Santa Clara

Subtle hues that echo adobe architecture make this blanket versatile.

Santa Clara

In 1777, Franciscan padres established Santa Clara Mission in California’s fertile Santa Clara valley. It was supported through the labors of the Tamyen, Ohlone and Costanoan peoples. When the mission system ended, Santa Clara Mission continued to serve as a place of worship. The church was destroyed three times, but has always been rebuilt. In 1926, the current structure was constructed with the distinctive architecture and subtle stucco hues echoed in this design.  Today, Mission Santa Clara de Asís serves as the chapel on Santa Clara University campus.

Colorful Geometrics

Southern Highlands

This pattern has been a hit in our Baggu collaboration!

Southern Highlands

Southern Highlands celebrates the traditional craft of wool coverlet weaving as practiced by the women of the Appalachian region of the Southeastern United States. Appalachians settled in remote hills and valleys, and survived by hunting, gathering and small-scale agriculture. Their rustic cabins were filled with objects made from materials at hand.  For coverlets, women grew flax and cotton on the same property where sheep were raised for wool. Hand-carded and spun, with dyestuffs derived from walnut shells, indigo and other colored flora, coverlets were hand-loomed in the four-harness overshot method. Traditional colors were blue, red and green, woven on a white or cream warp. Patterns range from circles to intricate geometric eye-dazzlers. The woven coverlet inspired great artistry in Appalachian weavers. Today, their work is admired and preserved in museums and collections across the country.

Hacienda

It’s hard to say farewell to this one; Hacienda is a popular blanket that has been in the line for a decade.

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Timeless geometric shapes give universal appeal to the nine-element design in this USA-made wool blanket. The stripes, crosses, triangles and diamond motifs in this pattern are interpretations of the symbols common in many early Navajo blankets. Crosses represent completeness and the four directions: North, West, South and East. Arrows signify movement, power and life force. Like traditional Navajo designs, this pattern continues to the edges of the blanket to prevent evil spirits from being trapped within.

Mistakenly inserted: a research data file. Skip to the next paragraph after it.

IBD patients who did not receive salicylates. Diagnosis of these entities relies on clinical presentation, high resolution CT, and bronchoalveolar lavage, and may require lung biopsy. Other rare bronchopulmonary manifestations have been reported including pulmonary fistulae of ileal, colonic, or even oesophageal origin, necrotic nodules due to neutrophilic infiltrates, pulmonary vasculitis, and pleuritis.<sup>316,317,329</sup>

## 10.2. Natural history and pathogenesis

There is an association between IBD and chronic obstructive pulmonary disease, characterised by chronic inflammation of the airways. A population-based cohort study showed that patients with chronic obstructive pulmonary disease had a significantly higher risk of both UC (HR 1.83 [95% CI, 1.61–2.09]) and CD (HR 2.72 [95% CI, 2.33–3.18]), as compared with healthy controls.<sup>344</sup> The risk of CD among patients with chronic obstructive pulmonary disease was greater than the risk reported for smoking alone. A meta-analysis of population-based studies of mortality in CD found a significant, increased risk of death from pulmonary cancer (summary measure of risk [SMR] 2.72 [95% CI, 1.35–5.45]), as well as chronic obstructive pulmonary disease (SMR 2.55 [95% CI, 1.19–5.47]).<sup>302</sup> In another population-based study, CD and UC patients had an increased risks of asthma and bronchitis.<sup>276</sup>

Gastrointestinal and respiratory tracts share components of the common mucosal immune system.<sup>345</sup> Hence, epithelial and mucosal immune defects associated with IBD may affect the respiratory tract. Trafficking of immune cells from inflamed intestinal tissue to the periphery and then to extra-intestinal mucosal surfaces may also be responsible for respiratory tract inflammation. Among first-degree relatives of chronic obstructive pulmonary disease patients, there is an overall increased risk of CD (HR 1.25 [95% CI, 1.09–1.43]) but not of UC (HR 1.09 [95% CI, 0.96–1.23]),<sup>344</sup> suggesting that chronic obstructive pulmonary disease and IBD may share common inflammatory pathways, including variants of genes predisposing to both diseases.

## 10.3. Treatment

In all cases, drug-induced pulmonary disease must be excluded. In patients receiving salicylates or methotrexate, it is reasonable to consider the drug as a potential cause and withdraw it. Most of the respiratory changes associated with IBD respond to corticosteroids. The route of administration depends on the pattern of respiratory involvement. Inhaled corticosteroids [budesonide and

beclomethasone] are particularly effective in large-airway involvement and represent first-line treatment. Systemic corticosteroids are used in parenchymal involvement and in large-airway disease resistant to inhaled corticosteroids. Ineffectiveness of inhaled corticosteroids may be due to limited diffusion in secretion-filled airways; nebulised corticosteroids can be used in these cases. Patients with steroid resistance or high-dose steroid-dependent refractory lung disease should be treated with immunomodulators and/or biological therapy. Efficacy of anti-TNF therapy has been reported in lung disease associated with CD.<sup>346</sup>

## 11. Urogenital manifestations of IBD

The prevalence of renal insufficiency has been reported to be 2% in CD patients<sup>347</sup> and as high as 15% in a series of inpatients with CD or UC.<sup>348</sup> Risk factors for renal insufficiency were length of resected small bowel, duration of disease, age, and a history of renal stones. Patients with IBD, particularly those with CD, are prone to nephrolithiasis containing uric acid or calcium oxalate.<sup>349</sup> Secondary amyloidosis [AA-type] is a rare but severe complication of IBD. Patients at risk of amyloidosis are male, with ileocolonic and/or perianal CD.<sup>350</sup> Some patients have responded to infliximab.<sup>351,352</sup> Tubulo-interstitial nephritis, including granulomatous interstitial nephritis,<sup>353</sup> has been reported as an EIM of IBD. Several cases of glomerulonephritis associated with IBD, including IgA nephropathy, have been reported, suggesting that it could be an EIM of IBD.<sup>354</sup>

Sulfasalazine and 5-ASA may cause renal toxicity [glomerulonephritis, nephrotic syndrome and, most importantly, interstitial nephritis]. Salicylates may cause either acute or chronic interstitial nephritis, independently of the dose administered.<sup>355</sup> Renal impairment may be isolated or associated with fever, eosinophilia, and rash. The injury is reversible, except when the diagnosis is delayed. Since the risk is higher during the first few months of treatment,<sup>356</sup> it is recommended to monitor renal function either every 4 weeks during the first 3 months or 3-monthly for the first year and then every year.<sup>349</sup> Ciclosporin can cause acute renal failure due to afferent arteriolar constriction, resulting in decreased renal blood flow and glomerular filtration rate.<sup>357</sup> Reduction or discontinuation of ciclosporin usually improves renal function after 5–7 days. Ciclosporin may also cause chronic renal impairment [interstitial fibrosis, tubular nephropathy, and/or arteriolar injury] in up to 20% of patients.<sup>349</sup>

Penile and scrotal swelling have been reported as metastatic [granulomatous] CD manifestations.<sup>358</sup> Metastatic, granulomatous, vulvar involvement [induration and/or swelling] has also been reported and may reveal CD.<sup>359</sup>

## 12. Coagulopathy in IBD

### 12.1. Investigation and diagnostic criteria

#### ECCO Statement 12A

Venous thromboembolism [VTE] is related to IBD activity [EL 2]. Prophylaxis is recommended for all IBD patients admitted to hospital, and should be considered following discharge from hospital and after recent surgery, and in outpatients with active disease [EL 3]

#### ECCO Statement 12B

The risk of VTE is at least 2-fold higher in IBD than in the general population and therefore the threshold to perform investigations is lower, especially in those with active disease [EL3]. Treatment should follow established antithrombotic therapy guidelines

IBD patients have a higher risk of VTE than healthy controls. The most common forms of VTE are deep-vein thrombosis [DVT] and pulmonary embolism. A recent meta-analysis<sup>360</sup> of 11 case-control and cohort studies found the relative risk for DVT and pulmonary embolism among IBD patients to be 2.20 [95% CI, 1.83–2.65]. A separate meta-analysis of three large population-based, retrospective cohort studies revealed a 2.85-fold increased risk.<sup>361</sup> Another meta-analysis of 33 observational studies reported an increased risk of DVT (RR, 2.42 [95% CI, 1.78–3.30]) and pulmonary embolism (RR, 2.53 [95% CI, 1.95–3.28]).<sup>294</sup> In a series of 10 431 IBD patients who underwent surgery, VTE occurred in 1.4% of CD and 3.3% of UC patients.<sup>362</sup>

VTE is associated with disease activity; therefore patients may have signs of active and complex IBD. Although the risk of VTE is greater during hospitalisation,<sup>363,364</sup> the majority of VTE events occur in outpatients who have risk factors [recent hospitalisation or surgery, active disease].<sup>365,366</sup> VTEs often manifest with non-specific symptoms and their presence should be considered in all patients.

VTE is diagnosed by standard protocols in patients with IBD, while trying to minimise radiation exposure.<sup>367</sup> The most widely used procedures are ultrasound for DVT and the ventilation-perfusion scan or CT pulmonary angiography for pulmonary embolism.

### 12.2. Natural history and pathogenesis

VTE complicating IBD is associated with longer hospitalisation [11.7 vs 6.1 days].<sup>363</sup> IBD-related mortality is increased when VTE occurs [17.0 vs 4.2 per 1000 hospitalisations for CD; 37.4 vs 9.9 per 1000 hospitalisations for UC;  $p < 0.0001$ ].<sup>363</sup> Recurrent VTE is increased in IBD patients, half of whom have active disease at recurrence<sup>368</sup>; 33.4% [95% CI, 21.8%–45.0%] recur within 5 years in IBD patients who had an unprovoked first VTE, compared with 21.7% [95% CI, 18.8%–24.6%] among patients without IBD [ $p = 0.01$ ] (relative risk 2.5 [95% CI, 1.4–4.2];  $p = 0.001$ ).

Pictorial Blankets

Buffalo Wilderness

The great Plains Bison is the star of this blanket, one of many we’ve woven to celebrate the buffalo. You can see more retired examples here: Buffalo blankets

Buffalo Wilderness

This design honors a time when millions of bison roamed North America’s grassy plains. Today our National Parks protect the last remaining wild herds. One of the largest herds of free-ranging wild buffalo lives in Yellowstone National Park. It’ thought to be the only place in the United States where bison have lived continuously since prehistoric times. You can also see herds in Badlands, Grand Teton, Theodore Roosevelt and Wind Cave National Parks.

Full Moon Lodge

This design plays on the luminous combination of blue and orange. Learn more about the artist behind the blanket here: Starr Hardridge

Full Moon Lodge

A USA-made wool blanket created in partnership with artist Starr Hardridge. This design illustrates the relationship between humankind, Mother Nature and the creator of the universe whose medicine is love. It acknowledges our place between the sun and the full moon. Part of our Legendary Collection, this design honors stories and symbols of Native American cultures.

So get them while they’re here—they are saying good-bye soon!

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Photo by Kristen Frasca

http://www.kristenfrasca.com/

https://www.instagram.com/kristenfrasca/

 

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New for Spring 2019 – Spirit Seeker

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Another beautiful blanket for Spring 2018 has arrived at the website!

Spirit Seeker

The Spirit Seeker blanket is predominantly woven in indigo and cream. Accent colors of lime green, orange and fuchsia are used sparingly in complex bands of arrows and flowers. It’s a beautiful arrangement of line and color!